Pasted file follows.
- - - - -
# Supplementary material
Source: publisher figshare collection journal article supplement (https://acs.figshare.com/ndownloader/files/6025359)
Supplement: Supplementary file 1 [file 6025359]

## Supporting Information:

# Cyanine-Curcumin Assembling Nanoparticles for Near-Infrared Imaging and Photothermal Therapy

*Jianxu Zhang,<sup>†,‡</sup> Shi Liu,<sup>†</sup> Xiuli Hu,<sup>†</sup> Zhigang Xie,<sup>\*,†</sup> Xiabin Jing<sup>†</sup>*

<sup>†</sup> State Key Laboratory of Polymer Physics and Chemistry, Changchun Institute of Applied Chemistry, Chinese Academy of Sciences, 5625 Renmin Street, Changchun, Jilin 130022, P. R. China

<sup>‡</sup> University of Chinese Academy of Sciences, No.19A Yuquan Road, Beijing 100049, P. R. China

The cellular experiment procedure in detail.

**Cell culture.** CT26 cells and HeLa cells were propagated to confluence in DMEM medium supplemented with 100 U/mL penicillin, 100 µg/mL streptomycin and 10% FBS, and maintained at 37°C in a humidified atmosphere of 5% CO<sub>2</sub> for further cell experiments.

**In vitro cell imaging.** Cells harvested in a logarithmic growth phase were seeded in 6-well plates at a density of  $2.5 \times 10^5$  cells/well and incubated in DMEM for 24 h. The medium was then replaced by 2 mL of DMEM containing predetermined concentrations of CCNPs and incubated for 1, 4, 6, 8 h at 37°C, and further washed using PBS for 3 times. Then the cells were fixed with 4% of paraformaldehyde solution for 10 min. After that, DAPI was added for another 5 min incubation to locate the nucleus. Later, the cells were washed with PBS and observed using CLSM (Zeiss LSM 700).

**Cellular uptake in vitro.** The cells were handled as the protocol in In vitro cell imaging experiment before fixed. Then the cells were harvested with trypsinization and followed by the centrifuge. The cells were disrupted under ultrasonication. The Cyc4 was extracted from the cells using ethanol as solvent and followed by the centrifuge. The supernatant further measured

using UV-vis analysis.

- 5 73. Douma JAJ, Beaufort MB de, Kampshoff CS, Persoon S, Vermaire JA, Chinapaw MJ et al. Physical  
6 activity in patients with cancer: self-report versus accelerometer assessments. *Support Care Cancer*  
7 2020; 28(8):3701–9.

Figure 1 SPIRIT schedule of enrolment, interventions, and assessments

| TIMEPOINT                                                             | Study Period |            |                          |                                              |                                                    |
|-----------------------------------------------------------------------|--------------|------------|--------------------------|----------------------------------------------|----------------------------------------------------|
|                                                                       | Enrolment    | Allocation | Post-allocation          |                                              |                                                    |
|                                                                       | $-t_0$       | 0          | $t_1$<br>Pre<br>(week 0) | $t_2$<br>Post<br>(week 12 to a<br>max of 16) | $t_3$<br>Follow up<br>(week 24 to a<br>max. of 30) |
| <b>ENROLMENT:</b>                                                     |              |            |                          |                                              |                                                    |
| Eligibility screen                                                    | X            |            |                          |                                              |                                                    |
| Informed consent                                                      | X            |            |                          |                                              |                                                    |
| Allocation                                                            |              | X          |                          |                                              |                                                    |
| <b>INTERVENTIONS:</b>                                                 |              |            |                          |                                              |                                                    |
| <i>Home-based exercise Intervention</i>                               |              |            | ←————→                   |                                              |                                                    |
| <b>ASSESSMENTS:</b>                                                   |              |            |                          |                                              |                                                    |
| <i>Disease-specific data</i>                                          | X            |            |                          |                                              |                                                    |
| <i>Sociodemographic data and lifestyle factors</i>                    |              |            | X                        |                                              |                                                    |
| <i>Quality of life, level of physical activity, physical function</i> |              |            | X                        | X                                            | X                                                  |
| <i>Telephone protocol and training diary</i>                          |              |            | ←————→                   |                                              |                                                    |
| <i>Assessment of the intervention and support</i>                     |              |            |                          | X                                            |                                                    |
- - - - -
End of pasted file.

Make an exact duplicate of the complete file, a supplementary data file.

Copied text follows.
# Supplementary material
Source: publisher figshare collection journal article supplement (https://acs.figshare.com/ndownloader/files/6025359)
Supplement: Supplementary file 1 [file 6025359]

## Supporting Information:

# Cyanine-Curcumin Assembling Nanoparticles for Near-Infrared Imaging and Photothermal Therapy

*Jianxu Zhang,<sup>†,‡</sup> Shi Liu,<sup>†</sup> Xiuli Hu,<sup>†</sup> Zhigang Xie,<sup>\*,†</sup> Xiabin Jing<sup>†</sup>*

<sup>†</sup> State Key Laboratory of Polymer Physics and Chemistry, Changchun Institute of Applied Chemistry, Chinese Academy of Sciences, 5625 Renmin Street, Changchun, Jilin 130022, P. R. China

<sup>‡</sup> University of Chinese Academy of Sciences, No.19A Yuquan Road, Beijing 100049, P. R. China

The cellular experiment procedure in detail.

**Cell culture.** CT26 cells and HeLa cells were propagated to confluence in DMEM medium supplemented with 100 U/mL penicillin, 100 µg/mL streptomycin and 10% FBS, and maintained at 37°C in a humidified atmosphere of 5% CO<sub>2</sub> for further cell experiments.

**In vitro cell imaging.** Cells harvested in a logarithmic growth phase were seeded in 6-well plates at a density of  $2.5 \times 10^5$  cells/well and incubated in DMEM for 24 h. The medium was then replaced by 2 mL of DMEM containing predetermined concentrations of CCNPs and incubated for 1, 4, 6, 8 h at 37°C, and further washed using PBS for 3 times. Then the cells were fixed with 4% of paraformaldehyde solution for 10 min. After that, DAPI was added for another 5 min incubation to locate the nucleus. Later, the cells were washed with PBS and observed using CLSM (Zeiss LSM 700).

**Cellular uptake in vitro.** The cells were handled as the protocol in In vitro cell imaging experiment before fixed. Then the cells were harvested with trypsinization and followed by the centrifuge. The cells were disrupted under ultrasonication. The Cyc4 was extracted from the cells using ethanol as solvent and followed by the centrifuge. The supernatant further measured

using UV-vis analysis.

- 5 73. Douma JAJ, Beaufort MB de, Kampshoff CS, Persoon S, Vermaire JA, Chinapaw MJ et al. Physical  
6 activity in patients with cancer: self-report versus accelerometer assessments. *Support Care Cancer*  
7 2020; 28(8):3701–9.

Figure 1 SPIRIT schedule of enrolment, interventions, and assessments

| TIMEPOINT                                                             | Study Period |            |                          |                                              |                                                    |
|-----------------------------------------------------------------------|--------------|------------|--------------------------|----------------------------------------------|----------------------------------------------------|
|                                                                       | Enrolment    | Allocation | Post-allocation          |                                              |                                                    |
|                                                                       | $-t_0$       | 0          | $t_1$<br>Pre<br>(week 0) | $t_2$<br>Post<br>(week 12 to a<br>max of 16) | $t_3$<br>Follow up<br>(week 24 to a<br>max. of 30) |
| <b>ENROLMENT:</b>                                                     |              |            |                          |                                              |                                                    |
| Eligibility screen                                                    | X            |            |                          |                                              |                                                    |
| Informed consent                                                      | X            |            |                          |                                              |                                                    |
| Allocation                                                            |              | X          |                          |                                              |                                                    |
| <b>INTERVENTIONS:</b>                                                 |              |            |                          |                                              |                                                    |
| <i>Home-based exercise Intervention</i>                               |              |            | ←————→                   |                                              |                                                    |
| <b>ASSESSMENTS:</b>                                                   |              |            |                          |                                              |                                                    |
| <i>Disease-specific data</i>                                          | X            |            |                          |                                              |                                                    |
| <i>Sociodemographic data and lifestyle factors</i>                    |              |            | X                        |                                              |                                                    |
| <i>Quality of life, level of physical activity, physical function</i> |              |            | X                        | X                                            | X                                                  |
| <i>Telephone protocol and training diary</i>                          |              |            | ←————→                   |                                              |                                                    |
| <i>Assessment of the intervention and support</i>                     |              |            |                          | X                                            |                                                    |